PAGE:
With climate change being a global phenomenon of concern, food security is one of the uncertainties which are a result of the unpredictable sets of weather.
A team of scientists from the National University of Singapore (NUS) have discovered a cost-efficient and quicker method for creating a genetic material to be used in the research work surrounding disruptive agriculture.
This is in line with Singapore’s goal of being self-sufficient and producing 30 per cent of its own crops by 2030.
This research team was led by Professor Kang Zhou from the NUS Chemical and Biomolecular Engineering Department and by postdoctoral associate Dr Xiaoqiang Ma from Singapore-MIT Alliance for Research and Technology (Smart), with researchers from both groups.
The brilliance behind the innovation is that this discovery has paved the way for more advanced research into the microbes that are genetically modified to produce fertilisers, nutrients and pesticides, which will boost Singapore’s crop yields.
Prof Zhou explained the motivation behind the discovery, “Laboratories have to go to a company to order custom-made material, but often, we will only use 1 per cent of it. The rest will sit for months in the freezer before it’s discarded as it’s not designed for multiple-time use.”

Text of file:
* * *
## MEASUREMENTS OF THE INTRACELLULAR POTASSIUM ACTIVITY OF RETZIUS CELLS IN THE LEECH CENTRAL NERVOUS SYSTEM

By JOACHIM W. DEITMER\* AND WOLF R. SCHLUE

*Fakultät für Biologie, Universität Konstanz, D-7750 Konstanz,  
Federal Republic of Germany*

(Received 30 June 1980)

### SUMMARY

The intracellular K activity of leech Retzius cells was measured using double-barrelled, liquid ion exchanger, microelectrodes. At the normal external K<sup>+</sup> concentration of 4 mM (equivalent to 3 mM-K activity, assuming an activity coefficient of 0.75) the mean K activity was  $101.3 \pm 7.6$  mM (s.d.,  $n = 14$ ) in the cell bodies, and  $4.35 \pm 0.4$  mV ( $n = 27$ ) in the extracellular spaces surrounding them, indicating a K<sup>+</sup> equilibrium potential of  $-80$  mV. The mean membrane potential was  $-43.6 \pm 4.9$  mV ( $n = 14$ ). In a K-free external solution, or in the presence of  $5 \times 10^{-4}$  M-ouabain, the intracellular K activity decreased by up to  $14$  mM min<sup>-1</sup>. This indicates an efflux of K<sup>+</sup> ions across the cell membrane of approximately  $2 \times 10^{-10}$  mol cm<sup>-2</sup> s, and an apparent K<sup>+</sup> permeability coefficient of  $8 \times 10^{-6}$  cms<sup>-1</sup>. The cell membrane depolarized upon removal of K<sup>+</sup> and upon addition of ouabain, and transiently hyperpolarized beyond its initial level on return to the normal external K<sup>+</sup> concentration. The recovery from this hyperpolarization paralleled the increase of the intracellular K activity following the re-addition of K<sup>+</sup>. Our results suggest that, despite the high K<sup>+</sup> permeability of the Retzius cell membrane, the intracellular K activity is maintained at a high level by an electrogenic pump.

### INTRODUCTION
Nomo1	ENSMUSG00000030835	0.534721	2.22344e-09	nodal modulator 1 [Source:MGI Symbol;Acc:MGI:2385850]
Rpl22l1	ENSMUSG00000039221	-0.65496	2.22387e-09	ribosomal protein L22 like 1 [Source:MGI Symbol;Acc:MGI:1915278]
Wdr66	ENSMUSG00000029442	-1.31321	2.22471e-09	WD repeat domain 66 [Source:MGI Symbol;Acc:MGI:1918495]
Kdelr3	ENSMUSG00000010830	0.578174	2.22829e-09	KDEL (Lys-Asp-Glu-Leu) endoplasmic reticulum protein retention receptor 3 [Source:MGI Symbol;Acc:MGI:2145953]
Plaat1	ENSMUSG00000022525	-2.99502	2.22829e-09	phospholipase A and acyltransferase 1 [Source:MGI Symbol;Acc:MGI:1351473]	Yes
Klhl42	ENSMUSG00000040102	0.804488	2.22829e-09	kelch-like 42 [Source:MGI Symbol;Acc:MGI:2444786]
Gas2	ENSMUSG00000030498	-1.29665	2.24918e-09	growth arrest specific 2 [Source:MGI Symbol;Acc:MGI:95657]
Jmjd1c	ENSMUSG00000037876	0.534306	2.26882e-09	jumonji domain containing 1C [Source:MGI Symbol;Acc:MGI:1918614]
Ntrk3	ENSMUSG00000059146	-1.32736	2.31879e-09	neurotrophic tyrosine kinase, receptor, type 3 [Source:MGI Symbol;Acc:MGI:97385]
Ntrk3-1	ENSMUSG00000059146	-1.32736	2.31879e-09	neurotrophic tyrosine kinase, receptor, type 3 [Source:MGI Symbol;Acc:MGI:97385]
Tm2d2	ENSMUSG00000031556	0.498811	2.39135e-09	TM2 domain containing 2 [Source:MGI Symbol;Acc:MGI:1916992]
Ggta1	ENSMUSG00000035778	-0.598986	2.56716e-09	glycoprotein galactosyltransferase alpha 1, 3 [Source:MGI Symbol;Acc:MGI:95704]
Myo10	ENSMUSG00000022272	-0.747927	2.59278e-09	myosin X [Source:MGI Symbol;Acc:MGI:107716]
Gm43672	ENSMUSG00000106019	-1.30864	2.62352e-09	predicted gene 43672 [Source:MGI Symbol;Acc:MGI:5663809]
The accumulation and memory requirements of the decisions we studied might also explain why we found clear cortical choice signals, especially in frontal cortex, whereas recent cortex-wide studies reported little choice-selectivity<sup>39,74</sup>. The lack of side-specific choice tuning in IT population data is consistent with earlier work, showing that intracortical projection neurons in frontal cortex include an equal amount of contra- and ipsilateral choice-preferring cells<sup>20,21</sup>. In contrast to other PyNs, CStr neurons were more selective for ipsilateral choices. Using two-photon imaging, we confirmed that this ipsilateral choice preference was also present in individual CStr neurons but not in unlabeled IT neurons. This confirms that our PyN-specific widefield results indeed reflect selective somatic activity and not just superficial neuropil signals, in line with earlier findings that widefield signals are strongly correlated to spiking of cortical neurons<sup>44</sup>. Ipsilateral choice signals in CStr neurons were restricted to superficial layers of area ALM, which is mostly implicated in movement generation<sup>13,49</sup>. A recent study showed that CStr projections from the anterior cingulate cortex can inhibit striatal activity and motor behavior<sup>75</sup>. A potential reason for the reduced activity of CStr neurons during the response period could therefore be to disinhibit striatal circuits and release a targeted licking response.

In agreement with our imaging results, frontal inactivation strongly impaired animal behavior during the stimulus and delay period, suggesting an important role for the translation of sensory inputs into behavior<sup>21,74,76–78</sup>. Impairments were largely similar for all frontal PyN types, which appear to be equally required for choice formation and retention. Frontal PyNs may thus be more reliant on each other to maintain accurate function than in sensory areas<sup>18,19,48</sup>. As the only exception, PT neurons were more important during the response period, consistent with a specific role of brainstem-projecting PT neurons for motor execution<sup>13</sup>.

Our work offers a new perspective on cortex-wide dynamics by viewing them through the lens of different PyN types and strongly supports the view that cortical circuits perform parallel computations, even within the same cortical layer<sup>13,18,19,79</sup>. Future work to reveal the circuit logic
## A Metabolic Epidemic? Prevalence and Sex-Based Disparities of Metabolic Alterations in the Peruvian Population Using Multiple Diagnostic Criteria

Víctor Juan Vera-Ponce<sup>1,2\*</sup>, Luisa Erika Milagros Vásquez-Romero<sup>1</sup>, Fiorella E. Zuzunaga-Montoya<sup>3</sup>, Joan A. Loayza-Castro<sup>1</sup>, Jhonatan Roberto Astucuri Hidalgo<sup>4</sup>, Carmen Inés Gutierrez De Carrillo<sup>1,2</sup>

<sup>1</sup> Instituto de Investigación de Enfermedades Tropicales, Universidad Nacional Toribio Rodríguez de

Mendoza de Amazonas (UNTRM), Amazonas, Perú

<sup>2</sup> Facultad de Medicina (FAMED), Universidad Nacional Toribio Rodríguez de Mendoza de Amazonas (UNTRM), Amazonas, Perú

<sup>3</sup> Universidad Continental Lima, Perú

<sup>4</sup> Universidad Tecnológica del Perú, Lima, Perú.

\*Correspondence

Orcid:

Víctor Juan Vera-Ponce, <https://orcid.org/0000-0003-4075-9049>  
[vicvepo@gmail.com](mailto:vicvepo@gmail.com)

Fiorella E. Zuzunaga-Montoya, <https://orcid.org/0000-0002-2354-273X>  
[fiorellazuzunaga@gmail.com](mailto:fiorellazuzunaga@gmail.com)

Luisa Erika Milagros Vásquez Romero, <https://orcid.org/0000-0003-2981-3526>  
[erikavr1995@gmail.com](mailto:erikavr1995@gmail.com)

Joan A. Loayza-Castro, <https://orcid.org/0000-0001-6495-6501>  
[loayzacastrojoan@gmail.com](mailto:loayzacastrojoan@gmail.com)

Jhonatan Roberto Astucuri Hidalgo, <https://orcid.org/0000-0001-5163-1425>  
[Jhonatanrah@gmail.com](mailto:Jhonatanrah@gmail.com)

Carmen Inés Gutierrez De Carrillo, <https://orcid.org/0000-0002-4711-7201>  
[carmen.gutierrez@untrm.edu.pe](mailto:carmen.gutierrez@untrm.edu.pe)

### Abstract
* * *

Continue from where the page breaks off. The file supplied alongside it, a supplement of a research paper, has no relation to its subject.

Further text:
With this discovery, it will allow for researches to accurately pick and transfer genes. This process will prevent extra DNA sequences from affecting gene functions.
Researchers have tested and found that the process comes with an 85.9 per cent accuracy, as compared to other processes with only 50 per cent accuracy.
The best part of it is that the process is standardised and works well with frequently used DNA assembly methods. This allows for the universal use of the material by researchers from all over the world.
As mentioned above, this innovation is one of the many research works being done in food security sustenance in the face of widespread climate change.
Urban farming is another key area being explored on.
Dr Liew Woei Chang, a research investigator from the Temasek Life Sciences Laboratory (TLL), has been working on incorporating technology in the breeding of the tilapia fish. With slower growth and high mortality rates in seawater, this breed of fish one of the most important aquaculture species in.
Technology has allowed for the accurate identification of tilapia with desired traits to be used in a selective breeding programme. With this process, researchers have been able to breed salt-tolerant, quality tilapia fish, without any genetic modification.
Mass-cross breeding is done and after three months, the fish which grew the fastest will be selected to be used in the breeding of more fish.